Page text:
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The Clone Wars by Karen Traviss
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"Star Wars: The Clone Wars" - Better Than Watching It

I often have wondered why people read the novelizations of movies they already saw. My experience with the novels for "The Phantom Menace" and "Attack of the Clones," though, showed me that much can be gained. Frankly, if the film "Attack of the Clones" had been made the way the book was written, it would have been a far better movie. So I set out reading "The Clone Wars" with this hope in mind. Having seen the movie several times, I hoped to gain something useful out of reading the novelization. I was not disappointed.

It's clear that the bulk of this story should be the Battle of Teth. Whereas the movie spends nearly equal time on Christophsis and Tatooine as on Teth, the novel wisely accelerates both the Christophsis opening and the Tatooine conclusion (nearly skipping over the Coruscant tidbits entirely) in favor of focusing more on the central tale of Teth. I found this focus to be very effective. The biggest selling point for the novel, though, comes from its insight into each character. Traviss loves to lace dialog with the thoughts of the key participants. This gives us an excellent glimpse into each characters emotions and motivations. I found this very useful with Rex especially. In the film and subsequent TV series, we only get to know Rex from his dialog. This novel shows what goes on beneath the bucket and I love it! Another refreshing development is the revealed dual nature of Palpatine. Since many of the earlier Clone Wars novels preceded the release of Episode III, the publishers preferred to treat us like children and avoid the fact that Sidious and Palpatine were one and the same. Oh. Wait. SPOILER ALERT. Sorry, was that too late? It was so gratifying to see these scenes painted with the delicious spite and hatred of Sidious's thoughts woven within the smooth political language of Palpatine. It let us truly see what it was like for ol' Sheev to live that double life. If you want more of that, read Darth Plagueis.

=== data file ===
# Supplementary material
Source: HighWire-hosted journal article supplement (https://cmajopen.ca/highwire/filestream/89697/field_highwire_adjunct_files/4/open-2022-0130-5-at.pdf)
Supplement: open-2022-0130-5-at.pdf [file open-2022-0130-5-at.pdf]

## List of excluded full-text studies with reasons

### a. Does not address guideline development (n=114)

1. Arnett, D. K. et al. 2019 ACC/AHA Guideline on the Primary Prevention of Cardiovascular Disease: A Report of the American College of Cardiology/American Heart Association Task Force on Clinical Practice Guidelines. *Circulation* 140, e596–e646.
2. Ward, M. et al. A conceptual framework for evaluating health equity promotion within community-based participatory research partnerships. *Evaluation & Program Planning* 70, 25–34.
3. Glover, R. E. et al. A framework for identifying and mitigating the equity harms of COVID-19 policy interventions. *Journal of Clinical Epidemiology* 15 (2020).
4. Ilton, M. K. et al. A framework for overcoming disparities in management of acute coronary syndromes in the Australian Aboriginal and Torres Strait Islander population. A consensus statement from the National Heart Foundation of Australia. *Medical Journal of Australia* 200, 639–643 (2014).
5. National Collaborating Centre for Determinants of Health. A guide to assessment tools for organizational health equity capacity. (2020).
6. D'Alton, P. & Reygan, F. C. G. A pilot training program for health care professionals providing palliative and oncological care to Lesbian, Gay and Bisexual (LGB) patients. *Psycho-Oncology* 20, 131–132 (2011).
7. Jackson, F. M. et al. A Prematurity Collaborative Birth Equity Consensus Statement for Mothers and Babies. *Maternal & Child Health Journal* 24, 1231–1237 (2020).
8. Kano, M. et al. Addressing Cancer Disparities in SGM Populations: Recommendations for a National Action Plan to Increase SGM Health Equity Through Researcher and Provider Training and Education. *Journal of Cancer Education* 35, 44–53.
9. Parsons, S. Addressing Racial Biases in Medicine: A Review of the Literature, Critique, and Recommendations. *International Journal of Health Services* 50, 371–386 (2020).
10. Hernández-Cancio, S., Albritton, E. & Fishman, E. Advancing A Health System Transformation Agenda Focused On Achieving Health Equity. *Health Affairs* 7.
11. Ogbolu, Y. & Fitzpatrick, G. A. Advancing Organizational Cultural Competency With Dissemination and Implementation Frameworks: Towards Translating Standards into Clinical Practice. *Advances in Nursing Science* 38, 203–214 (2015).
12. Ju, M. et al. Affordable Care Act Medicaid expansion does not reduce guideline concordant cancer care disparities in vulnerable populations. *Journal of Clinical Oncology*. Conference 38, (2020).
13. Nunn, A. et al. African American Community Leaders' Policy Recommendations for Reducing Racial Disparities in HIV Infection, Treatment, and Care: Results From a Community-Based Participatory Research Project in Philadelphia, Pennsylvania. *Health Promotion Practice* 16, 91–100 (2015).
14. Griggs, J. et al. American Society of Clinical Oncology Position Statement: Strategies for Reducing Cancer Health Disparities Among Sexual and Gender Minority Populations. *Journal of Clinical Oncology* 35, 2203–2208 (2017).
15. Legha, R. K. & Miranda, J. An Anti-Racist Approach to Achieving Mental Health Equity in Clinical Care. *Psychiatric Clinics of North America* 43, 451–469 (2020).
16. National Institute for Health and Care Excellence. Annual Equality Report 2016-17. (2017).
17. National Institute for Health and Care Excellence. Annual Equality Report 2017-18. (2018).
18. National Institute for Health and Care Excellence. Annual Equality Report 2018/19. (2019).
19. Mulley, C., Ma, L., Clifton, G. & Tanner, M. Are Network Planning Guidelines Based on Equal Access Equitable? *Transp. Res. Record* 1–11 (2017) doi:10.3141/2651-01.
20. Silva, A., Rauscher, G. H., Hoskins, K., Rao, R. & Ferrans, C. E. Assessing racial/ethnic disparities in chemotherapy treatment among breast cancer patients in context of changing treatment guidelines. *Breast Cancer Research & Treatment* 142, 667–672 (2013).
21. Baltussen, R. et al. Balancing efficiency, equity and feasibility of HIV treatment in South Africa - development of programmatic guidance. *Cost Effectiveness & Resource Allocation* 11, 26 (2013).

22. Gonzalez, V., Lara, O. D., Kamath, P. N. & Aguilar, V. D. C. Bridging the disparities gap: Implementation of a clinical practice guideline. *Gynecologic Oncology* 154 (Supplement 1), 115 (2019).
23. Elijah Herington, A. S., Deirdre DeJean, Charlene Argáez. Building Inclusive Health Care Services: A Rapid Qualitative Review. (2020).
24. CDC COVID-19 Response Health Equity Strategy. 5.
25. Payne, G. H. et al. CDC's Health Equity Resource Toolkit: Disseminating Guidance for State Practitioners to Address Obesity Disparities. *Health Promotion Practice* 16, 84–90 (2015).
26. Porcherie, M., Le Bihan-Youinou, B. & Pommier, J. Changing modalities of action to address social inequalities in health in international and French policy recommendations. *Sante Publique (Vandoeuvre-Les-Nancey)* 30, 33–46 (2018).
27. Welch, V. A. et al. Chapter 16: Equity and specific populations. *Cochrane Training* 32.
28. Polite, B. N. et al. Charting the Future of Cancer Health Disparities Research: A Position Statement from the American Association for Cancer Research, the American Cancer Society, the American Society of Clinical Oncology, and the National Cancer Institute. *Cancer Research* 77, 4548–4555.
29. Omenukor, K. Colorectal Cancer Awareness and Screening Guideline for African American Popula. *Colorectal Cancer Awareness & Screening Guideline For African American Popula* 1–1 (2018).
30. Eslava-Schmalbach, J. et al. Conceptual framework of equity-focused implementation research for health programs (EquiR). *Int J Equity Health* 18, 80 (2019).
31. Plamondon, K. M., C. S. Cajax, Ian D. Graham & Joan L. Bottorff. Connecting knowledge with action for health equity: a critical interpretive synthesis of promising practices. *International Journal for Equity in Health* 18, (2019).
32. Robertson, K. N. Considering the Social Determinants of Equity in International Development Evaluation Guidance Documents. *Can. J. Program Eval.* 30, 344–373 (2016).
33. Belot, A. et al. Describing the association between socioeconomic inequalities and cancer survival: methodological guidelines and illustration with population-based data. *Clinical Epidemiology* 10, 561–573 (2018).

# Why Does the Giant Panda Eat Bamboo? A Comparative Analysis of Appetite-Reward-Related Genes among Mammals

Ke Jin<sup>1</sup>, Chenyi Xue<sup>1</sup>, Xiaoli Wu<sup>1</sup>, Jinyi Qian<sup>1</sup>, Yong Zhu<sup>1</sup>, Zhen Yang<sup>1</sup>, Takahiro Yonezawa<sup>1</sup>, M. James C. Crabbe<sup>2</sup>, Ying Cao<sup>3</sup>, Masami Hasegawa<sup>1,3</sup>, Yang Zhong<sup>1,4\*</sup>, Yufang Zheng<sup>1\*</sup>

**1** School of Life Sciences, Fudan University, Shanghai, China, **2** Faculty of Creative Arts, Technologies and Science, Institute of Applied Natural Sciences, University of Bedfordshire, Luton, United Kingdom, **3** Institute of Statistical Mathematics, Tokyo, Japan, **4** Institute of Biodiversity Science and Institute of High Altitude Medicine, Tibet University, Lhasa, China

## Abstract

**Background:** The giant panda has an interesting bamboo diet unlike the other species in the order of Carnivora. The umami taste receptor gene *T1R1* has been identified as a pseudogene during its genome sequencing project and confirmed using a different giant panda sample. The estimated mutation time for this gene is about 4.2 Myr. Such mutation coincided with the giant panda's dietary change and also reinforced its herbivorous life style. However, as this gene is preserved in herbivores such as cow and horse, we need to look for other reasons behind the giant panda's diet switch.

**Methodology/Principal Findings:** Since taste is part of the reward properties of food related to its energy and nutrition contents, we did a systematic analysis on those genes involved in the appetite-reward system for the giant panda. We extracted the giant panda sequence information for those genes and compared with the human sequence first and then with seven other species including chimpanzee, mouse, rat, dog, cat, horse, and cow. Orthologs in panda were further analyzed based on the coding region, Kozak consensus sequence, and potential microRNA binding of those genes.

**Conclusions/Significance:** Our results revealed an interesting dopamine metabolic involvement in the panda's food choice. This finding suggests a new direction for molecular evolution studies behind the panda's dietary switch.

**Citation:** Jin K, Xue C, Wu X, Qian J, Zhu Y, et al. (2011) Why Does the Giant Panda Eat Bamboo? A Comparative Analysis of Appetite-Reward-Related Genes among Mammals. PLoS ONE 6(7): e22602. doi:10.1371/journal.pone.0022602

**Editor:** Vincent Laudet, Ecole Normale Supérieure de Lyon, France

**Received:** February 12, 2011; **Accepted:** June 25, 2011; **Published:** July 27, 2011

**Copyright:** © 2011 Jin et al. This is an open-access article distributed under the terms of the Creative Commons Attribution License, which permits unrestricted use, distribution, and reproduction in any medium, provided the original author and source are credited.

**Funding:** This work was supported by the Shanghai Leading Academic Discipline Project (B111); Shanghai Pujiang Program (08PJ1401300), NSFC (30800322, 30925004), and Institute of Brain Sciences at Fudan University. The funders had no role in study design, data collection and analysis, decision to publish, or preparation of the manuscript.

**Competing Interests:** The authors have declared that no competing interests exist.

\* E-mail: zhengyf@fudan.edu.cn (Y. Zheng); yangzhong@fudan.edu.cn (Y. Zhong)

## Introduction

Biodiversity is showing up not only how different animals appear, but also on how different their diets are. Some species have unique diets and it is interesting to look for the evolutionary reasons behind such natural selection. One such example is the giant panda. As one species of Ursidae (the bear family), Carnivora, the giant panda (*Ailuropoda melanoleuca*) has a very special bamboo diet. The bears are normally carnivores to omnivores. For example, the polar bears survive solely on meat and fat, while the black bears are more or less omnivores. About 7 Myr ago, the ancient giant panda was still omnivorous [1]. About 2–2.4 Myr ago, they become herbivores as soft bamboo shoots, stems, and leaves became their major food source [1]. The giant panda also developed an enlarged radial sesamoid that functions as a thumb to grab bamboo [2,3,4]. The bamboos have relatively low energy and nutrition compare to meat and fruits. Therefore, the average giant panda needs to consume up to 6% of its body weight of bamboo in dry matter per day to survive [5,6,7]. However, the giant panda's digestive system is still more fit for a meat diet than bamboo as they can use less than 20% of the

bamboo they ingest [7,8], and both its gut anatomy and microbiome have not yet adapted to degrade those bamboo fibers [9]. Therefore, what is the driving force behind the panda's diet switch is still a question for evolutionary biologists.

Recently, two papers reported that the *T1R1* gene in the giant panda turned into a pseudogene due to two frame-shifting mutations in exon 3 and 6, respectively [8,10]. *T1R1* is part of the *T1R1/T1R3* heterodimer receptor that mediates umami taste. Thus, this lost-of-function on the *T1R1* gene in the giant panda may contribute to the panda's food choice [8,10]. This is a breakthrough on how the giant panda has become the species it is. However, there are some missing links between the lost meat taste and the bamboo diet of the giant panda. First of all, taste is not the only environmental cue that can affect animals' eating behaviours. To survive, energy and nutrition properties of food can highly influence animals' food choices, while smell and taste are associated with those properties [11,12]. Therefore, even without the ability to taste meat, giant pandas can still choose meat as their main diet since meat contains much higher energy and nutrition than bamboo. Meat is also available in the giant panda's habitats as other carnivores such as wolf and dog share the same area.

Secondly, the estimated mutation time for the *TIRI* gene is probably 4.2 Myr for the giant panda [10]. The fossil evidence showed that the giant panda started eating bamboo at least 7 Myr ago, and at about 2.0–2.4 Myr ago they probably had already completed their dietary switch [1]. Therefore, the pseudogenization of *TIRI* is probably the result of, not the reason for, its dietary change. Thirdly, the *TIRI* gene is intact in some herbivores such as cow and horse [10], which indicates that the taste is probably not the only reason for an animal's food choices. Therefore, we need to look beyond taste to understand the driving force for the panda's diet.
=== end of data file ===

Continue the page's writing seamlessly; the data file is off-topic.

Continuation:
Lastly, while the book retained the awful AWFUL nickname "Skyguy," it was gracious enough to allow Ahsoka to call the galaxy's #1 droid by his actual name. That's right, none of that "Artoo-y" horror show from the film. Thank you, Karen Traviss! So pick this one up even - though you know the story. It's a great read and fills in some of the gaps in the action (not to mention the dialog) from its big-screen counterpart. ( )
  skip_wiley | Aug 19, 2015 |
STAR WARS the clone wars, A book about what happened between the second movie of star wars and the third movie of star wars. it is set in a world where the galactic republic is in a war with the federation of separate planets.the galactic republic clone troops for their army and the federation of separate planets build robots for their army. and stuck in the middle of this chaos is a baby hutt.

In my opinion I thought it was a very good book. It had lots of action like right in the beginning the clones were fighting the robots with jedi along their side. It was not boring for one second, not even when no one was fighting. when no one was fighting the people that were focused on were talking about there life and what has happened like when Anakin was saying that he was a slave to a hutt but yet he has to save one. But really I thought it was a really good book. ( )
  br14chvi | Oct 25, 2013 |
I did not really enjoy this book. I found that if you watched the movie there is really no purpose in reading the book. I was expecting the book to elaborate on the characters, their feelings, on Zero the Hutt but it really did not. All-in-all not my favorite Star Wars novel. ( )
  pazaakshark | Jun 19, 2010 |